It is easy to laugh at young people asking for sympathy because ‘I’ve got mental health’. I think I heard the journalist-turned-teacher Lucy Kellaway on the wireless recently noticing in a half-baffled way the tendency of pupils to call mental illness mental health. Mental health hasn’t quite achieved that meaning in standard speech, but it could. It is partly a matter of euphemism. Mad and madness are now hardly usable at all with reference to everyday circumstances, being reserved for different times and cultures, for King Nebuchadnezzar, King Lear or King George.
A mental case is ‘increasingly avoided’, noted the Oxford English Dictionary in its 21st-century revision of entries that required no such cautions in its 1989 edition. Mental hospital, it says, is ‘sometimes avoided as being potentially offensive’, as is mental patient. ‘Psychiatric is often used instead,’ it observes.
Of course a century ago, mental on its own acquired the colloquial meaning of mad. The OED’s first citation for that is from a character in a Dorothy L. Sayers novel: ‘I gather she was a little queer towards the end – a bit mental, I think you people [nurses] call it?’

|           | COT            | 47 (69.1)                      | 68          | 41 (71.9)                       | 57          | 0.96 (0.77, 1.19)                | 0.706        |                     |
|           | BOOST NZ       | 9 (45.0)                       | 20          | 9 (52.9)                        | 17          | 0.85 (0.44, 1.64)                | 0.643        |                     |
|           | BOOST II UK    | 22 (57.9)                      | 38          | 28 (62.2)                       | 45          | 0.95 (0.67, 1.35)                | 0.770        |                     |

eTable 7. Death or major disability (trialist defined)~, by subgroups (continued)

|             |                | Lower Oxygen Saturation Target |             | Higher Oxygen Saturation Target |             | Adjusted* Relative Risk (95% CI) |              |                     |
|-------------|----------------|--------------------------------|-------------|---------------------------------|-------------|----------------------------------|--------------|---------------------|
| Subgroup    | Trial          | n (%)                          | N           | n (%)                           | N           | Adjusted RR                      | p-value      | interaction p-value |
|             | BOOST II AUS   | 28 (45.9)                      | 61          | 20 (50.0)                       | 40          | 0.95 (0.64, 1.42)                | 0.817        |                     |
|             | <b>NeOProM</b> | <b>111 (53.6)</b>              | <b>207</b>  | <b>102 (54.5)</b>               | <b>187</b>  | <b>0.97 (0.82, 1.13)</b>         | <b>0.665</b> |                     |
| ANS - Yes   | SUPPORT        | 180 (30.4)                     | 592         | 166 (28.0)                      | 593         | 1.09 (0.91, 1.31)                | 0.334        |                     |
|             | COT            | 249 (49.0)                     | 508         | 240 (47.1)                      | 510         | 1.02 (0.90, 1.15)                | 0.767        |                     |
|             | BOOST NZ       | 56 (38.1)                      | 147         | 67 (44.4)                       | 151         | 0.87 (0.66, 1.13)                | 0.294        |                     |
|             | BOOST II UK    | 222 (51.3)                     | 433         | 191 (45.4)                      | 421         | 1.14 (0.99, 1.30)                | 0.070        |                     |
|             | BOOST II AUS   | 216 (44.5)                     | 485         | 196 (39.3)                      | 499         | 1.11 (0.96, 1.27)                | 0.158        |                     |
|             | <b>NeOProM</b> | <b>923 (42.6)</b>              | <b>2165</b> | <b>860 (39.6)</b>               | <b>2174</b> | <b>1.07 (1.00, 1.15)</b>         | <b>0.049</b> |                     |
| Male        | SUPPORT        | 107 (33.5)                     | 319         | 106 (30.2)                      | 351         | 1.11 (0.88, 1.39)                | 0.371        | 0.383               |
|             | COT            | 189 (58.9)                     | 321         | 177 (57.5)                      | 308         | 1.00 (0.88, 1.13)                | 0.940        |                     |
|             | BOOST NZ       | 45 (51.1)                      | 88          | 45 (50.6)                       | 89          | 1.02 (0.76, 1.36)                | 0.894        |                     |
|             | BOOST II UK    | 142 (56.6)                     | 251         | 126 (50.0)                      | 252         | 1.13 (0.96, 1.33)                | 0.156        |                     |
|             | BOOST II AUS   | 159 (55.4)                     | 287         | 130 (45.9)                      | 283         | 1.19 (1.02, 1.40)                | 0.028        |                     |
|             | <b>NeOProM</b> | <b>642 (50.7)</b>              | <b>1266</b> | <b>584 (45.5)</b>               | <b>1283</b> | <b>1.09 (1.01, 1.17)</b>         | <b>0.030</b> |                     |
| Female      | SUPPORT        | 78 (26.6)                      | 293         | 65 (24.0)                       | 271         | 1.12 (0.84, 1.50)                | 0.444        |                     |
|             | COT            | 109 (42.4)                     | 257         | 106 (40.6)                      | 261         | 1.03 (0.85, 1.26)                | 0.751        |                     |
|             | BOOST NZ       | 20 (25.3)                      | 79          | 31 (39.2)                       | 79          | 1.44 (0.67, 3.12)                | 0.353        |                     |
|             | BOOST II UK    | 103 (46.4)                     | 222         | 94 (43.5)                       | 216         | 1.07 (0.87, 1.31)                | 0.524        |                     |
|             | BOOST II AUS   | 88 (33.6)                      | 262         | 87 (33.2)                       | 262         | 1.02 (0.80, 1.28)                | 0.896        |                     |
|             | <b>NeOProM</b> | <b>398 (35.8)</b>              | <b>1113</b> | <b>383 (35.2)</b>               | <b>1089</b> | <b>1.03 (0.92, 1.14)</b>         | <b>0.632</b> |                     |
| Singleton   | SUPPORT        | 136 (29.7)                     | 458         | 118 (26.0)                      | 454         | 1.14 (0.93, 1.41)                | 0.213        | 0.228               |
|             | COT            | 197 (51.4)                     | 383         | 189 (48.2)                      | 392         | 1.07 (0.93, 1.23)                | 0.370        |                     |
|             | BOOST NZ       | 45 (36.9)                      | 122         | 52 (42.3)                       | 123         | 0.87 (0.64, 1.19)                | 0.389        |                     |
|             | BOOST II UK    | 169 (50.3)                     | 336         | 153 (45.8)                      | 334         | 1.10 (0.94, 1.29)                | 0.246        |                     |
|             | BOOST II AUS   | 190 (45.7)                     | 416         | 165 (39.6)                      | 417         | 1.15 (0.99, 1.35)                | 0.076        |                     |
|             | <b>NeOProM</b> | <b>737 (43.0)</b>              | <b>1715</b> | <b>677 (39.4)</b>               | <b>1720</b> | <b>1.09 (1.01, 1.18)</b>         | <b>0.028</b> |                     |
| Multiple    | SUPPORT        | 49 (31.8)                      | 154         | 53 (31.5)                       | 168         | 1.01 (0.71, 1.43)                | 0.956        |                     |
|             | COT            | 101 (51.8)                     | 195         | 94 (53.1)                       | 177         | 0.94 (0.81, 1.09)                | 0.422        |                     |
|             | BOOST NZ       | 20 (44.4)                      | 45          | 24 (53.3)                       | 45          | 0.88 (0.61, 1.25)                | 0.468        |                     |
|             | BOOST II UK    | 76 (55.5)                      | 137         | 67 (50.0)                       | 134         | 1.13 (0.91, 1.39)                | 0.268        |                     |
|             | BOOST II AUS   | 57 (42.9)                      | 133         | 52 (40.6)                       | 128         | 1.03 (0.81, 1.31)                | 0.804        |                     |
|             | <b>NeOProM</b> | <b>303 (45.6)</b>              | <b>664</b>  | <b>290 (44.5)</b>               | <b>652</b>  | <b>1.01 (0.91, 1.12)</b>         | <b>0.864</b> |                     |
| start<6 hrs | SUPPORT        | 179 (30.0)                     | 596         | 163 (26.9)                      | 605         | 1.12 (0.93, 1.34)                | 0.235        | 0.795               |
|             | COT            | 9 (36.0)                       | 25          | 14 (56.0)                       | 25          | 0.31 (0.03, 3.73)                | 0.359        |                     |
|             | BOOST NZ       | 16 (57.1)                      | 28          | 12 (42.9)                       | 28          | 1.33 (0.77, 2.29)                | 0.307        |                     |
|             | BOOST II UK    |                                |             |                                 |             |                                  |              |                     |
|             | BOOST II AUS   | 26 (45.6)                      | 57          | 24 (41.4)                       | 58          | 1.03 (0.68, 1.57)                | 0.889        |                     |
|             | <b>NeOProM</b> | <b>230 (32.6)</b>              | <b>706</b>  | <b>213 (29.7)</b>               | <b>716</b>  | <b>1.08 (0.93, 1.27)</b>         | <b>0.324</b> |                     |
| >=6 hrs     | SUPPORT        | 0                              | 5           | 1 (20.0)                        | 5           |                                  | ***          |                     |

But in recent years the polite convention has been to talk about mental health. Sometimes it seems that broadcasters speak of little else. They avoid any reference to mental sickness or to bad mental health. But it is possible by rummaging through newspapers to construct an inclined plane of connotations in phrases that use mental health: talking so openly about mental health; mental health issues; mental health problems; mental health challenges; a break from cricket for mental health reasons; mental health patients; problems with drugs and mental health; ‘I really struggled with my mental health’; his battles with mental health.